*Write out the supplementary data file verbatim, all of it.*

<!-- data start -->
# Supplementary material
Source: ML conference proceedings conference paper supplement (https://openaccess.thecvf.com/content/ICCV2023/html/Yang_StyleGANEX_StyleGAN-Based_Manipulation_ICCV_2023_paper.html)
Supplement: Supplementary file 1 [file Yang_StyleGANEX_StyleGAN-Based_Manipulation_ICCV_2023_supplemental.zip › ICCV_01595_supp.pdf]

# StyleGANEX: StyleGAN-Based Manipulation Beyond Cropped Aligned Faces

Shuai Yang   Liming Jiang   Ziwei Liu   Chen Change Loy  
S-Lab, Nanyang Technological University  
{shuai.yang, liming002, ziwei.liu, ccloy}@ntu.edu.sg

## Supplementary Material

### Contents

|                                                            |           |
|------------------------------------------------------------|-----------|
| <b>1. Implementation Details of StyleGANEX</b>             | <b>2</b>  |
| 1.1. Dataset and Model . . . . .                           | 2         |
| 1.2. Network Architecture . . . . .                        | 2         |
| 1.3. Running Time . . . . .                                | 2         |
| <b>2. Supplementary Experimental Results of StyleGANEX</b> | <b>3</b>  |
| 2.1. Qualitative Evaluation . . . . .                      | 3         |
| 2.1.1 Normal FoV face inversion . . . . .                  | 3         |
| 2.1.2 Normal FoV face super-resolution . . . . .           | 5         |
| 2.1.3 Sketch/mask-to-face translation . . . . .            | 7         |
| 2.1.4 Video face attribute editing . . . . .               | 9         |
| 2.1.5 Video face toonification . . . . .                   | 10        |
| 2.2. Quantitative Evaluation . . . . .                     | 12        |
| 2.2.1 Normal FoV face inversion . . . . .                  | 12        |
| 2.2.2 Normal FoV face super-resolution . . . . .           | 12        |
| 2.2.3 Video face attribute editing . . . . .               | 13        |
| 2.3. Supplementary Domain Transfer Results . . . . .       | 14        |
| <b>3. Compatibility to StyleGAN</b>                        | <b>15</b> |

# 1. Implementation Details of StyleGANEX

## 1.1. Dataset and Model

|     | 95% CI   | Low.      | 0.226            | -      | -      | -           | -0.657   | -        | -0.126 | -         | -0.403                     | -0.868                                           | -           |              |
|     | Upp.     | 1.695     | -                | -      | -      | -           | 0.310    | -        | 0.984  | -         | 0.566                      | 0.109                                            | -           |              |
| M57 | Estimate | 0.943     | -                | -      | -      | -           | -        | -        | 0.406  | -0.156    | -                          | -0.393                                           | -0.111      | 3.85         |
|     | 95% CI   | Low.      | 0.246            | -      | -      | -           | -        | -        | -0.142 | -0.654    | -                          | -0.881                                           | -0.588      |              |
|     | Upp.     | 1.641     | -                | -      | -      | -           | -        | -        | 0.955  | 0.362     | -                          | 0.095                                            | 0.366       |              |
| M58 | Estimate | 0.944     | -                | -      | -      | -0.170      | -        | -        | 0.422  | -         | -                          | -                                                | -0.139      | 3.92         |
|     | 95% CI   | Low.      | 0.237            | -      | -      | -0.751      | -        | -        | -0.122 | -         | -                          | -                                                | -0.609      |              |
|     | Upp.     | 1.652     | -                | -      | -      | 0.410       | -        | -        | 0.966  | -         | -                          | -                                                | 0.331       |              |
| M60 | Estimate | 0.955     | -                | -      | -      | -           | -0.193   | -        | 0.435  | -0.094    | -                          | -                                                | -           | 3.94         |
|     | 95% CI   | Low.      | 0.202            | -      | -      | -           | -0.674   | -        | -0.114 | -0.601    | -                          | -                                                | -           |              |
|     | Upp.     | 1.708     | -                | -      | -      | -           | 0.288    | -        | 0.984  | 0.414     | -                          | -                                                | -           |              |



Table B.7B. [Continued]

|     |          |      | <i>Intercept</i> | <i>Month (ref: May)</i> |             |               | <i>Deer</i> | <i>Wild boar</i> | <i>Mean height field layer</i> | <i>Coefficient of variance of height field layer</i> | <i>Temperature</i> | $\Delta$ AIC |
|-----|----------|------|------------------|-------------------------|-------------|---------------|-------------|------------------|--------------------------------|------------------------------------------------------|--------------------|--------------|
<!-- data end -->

# Supplementary material
Source: ML conference proceedings conference paper supplement (https://openaccess.thecvf.com/content/ICCV2023/html/Yang_StyleGANEX_StyleGAN-Based_Manipulation_ICCV_2023_paper.html)
Supplement: Supplementary file 1 [file Yang_StyleGANEX_StyleGAN-Based_Manipulation_ICCV_2023_supplemental.zip › ICCV_01595_supp.pdf]

# StyleGANEX: StyleGAN-Based Manipulation Beyond Cropped Aligned Faces

Shuai Yang   Liming Jiang   Ziwei Liu   Chen Change Loy  
S-Lab, Nanyang Technological University  
{shuai.yang, liming002, ziwei.liu, ccloy}@ntu.edu.sg

## Supplementary Material

### Contents

|                                                            |           |
|------------------------------------------------------------|-----------|
| <b>1. Implementation Details of StyleGANEX</b>             | <b>2</b>  |
| 1.1. Dataset and Model . . . . .                           | 2         |
| 1.2. Network Architecture . . . . .                        | 2         |
| 1.3. Running Time . . . . .                                | 2         |
| <b>2. Supplementary Experimental Results of StyleGANEX</b> | <b>3</b>  |
| 2.1. Qualitative Evaluation . . . . .                      | 3         |
| 2.1.1 Normal FoV face inversion . . . . .                  | 3         |
| 2.1.2 Normal FoV face super-resolution . . . . .           | 5         |
| 2.1.3 Sketch/mask-to-face translation . . . . .            | 7         |
| 2.1.4 Video face attribute editing . . . . .               | 9         |
| 2.1.5 Video face toonification . . . . .                   | 10        |
| 2.2. Quantitative Evaluation . . . . .                     | 12        |
| 2.2.1 Normal FoV face inversion . . . . .                  | 12        |
| 2.2.2 Normal FoV face super-resolution . . . . .           | 12        |
| 2.2.3 Video face attribute editing . . . . .               | 13        |
| 2.3. Supplementary Domain Transfer Results . . . . .       | 14        |
| <b>3. Compatibility to StyleGAN</b>                        | <b>15</b> |

# 1. Implementation Details of StyleGANEX

## 1.1. Dataset and Model

|     | 95% CI   | Low.      | 0.226            | -      | -      | -           | -0.657   | -        | -0.126 | -         | -0.403                     | -0.868                                           | -           |              |
|     | Upp.     | 1.695     | -                | -      | -      | -           | 0.310    | -        | 0.984  | -         | 0.566                      | 0.109                                            | -           |              |
| M57 | Estimate | 0.943     | -                | -      | -      | -           | -        | -        | 0.406  | -0.156    | -                          | -0.393                                           | -0.111      | 3.85         |
|     | 95% CI   | Low.      | 0.246            | -      | -      | -           | -        | -        | -0.142 | -0.654    | -                          | -0.881                                           | -0.588      |              |
|     | Upp.     | 1.641     | -                | -      | -      | -           | -        | -        | 0.955  | 0.362     | -                          | 0.095                                            | 0.366       |              |
| M58 | Estimate | 0.944     | -                | -      | -      | -0.170      | -        | -        | 0.422  | -         | -                          | -                                                | -0.139      | 3.92         |
|     | 95% CI   | Low.      | 0.237            | -      | -      | -0.751      | -        | -        | -0.122 | -         | -                          | -                                                | -0.609      |              |
|     | Upp.     | 1.652     | -                | -      | -      | 0.410       | -        | -        | 0.966  | -         | -                          | -                                                | 0.331       |              |
| M60 | Estimate | 0.955     | -                | -      | -      | -           | -0.193   | -        | 0.435  | -0.094    | -                          | -                                                | -           | 3.94         |
|     | 95% CI   | Low.      | 0.202            | -      | -      | -           | -0.674   | -        | -0.114 | -0.601    | -                          | -                                                | -           |              |
|     | Upp.     | 1.708     | -                | -      | -      | -           | 0.288    | -        | 0.984  | 0.414     | -                          | -                                                | -           |              |



Table B.7B. [Continued]

|     |          |      | <i>Intercept</i> | <i>Month (ref: May)</i> |             |               | <i>Deer</i> | <i>Wild boar</i> | <i>Mean height field layer</i> | <i>Coefficient of variance of height field layer</i> | <i>Temperature</i> | $\Delta$ AIC |
|-----|----------|------|------------------|-------------------------|-------------|---------------|-------------|------------------|--------------------------------|------------------------------------------------------|--------------------|--------------|